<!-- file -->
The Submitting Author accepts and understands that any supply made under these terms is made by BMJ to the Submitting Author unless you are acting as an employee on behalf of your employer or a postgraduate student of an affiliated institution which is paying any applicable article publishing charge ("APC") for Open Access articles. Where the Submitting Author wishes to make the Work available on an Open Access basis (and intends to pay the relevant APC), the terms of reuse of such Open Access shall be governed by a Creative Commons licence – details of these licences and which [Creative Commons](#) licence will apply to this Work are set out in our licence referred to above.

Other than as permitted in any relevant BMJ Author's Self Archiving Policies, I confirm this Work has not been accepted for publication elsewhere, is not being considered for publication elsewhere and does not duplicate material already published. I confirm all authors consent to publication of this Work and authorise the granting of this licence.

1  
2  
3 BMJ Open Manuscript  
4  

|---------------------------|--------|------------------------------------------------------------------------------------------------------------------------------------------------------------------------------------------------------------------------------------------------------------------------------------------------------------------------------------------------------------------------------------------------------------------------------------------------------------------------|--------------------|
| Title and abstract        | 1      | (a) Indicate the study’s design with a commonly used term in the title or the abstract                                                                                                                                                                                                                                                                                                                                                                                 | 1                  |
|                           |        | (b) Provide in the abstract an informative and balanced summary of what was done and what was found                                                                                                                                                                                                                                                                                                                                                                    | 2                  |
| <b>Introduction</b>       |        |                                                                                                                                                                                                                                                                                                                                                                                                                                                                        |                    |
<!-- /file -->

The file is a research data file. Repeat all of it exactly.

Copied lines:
The Submitting Author accepts and understands that any supply made under these terms is made by BMJ to the Submitting Author unless you are acting as an employee on behalf of your employer or a postgraduate student of an affiliated institution which is paying any applicable article publishing charge ("APC") for Open Access articles. Where the Submitting Author wishes to make the Work available on an Open Access basis (and intends to pay the relevant APC), the terms of reuse of such Open Access shall be governed by a Creative Commons licence – details of these licences and which [Creative Commons](#) licence will apply to this Work are set out in our licence referred to above.

Other than as permitted in any relevant BMJ Author's Self Archiving Policies, I confirm this Work has not been accepted for publication elsewhere, is not being considered for publication elsewhere and does not duplicate material already published. I confirm all authors consent to publication of this Work and authorise the granting of this licence.

1  
2  
3 BMJ Open Manuscript  
4  

|---------------------------|--------|------------------------------------------------------------------------------------------------------------------------------------------------------------------------------------------------------------------------------------------------------------------------------------------------------------------------------------------------------------------------------------------------------------------------------------------------------------------------|--------------------|
| Title and abstract        | 1      | (a) Indicate the study’s design with a commonly used term in the title or the abstract                                                                                                                                                                                                                                                                                                                                                                                 | 1                  |
|                           |        | (b) Provide in the abstract an informative and balanced summary of what was done and what was found                                                                                                                                                                                                                                                                                                                                                                    | 2                  |
| <b>Introduction</b>       |        |                                                                                                                                                                                                                                                                                                                                                                                                                                                                        |                    |